- Construction of contract — Formation of contract — Illegality and contract — Interpretation of contract — Performance of contract — Validity of contract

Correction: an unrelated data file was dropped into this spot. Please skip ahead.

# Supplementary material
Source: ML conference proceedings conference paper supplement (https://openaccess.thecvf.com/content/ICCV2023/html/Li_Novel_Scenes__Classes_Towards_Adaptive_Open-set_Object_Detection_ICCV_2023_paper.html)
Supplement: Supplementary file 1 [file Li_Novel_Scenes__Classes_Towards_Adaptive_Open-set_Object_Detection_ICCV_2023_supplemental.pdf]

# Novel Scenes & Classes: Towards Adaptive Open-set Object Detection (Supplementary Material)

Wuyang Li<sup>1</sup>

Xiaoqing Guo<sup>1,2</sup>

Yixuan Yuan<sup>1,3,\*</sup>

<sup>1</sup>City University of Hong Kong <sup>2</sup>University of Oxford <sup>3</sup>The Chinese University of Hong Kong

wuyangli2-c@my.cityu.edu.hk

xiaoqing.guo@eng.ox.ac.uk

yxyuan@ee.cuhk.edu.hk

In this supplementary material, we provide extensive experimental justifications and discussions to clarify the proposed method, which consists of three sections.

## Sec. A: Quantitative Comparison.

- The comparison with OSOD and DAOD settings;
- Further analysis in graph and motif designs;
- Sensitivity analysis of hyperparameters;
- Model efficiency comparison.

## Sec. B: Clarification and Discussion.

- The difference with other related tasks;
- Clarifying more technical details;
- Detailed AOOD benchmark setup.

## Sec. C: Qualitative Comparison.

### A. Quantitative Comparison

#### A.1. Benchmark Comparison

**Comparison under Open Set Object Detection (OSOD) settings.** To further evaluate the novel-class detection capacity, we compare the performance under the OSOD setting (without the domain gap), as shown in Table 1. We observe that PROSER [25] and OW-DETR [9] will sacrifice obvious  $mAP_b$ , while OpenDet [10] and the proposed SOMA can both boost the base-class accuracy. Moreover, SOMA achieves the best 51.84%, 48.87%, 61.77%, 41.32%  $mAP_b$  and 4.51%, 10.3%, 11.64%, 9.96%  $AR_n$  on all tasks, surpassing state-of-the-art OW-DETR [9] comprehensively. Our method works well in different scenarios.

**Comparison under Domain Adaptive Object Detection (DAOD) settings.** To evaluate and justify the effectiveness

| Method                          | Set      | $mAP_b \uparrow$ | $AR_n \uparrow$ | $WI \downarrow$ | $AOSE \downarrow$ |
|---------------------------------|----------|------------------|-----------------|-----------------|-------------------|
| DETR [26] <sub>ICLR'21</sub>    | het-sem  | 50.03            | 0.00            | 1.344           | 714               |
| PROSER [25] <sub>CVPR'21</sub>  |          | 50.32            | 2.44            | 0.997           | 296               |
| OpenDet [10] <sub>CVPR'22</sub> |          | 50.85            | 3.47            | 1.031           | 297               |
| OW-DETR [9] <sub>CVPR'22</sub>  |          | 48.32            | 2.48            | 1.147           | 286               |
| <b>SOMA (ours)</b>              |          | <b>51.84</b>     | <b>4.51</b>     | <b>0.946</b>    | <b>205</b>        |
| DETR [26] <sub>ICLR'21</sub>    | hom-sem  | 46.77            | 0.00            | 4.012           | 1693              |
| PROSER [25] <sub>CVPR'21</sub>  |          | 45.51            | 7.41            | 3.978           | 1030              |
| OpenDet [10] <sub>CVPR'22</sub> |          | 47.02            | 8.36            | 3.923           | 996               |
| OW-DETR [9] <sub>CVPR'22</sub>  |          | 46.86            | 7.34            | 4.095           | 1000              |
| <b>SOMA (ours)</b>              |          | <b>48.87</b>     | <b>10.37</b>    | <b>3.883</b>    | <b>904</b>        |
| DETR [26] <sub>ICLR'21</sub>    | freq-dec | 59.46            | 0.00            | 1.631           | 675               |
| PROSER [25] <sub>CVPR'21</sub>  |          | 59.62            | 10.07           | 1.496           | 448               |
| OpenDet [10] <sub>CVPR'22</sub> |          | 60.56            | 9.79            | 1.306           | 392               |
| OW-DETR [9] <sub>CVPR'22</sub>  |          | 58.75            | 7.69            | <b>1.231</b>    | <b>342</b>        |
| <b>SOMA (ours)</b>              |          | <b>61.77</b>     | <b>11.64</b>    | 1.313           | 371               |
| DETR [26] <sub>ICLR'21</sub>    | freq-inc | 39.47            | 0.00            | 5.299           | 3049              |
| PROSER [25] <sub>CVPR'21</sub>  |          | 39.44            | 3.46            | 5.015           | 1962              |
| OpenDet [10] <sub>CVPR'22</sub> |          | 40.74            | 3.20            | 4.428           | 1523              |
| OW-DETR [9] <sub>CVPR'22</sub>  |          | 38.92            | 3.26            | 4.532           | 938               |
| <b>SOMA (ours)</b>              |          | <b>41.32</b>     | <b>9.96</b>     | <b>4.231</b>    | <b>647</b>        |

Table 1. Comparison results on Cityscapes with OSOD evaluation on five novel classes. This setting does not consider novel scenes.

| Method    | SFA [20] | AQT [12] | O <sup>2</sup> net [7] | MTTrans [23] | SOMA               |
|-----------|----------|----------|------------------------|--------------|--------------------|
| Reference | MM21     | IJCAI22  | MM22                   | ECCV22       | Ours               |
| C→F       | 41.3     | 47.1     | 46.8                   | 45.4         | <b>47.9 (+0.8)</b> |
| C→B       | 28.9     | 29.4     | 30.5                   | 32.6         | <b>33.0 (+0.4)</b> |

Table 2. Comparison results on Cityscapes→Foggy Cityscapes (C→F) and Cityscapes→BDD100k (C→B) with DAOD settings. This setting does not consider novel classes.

If the contract has not been formalized as a deed, the agreement will be recognized as legally effective only if the party suing has provided something at the other party’s request as a bargained element. The doctrine continues to apply, but some of its extensions have been either abandoned or diluted. The doctrine of consideration applies not just to initial agreements but to agreements to vary contracts. In the variation context, a notable modern development is that a promise to pay more for performance can be enforced if the court can identify that the promise of extra remuneration is underpinned by a commercial advantage to the person expecting performance. This is the ‘practical benefit’ aspect of variation agreements. Also in the context of variations, the Common Law continues to refuse to recognize a gratuitous promise to extinguish or reduce a debt which has accrued under the contract. It remains controversial whether there is any equitable qualification on this last proposition if the debtor has acted in reliance on the promised and favourable variation made by the creditor.
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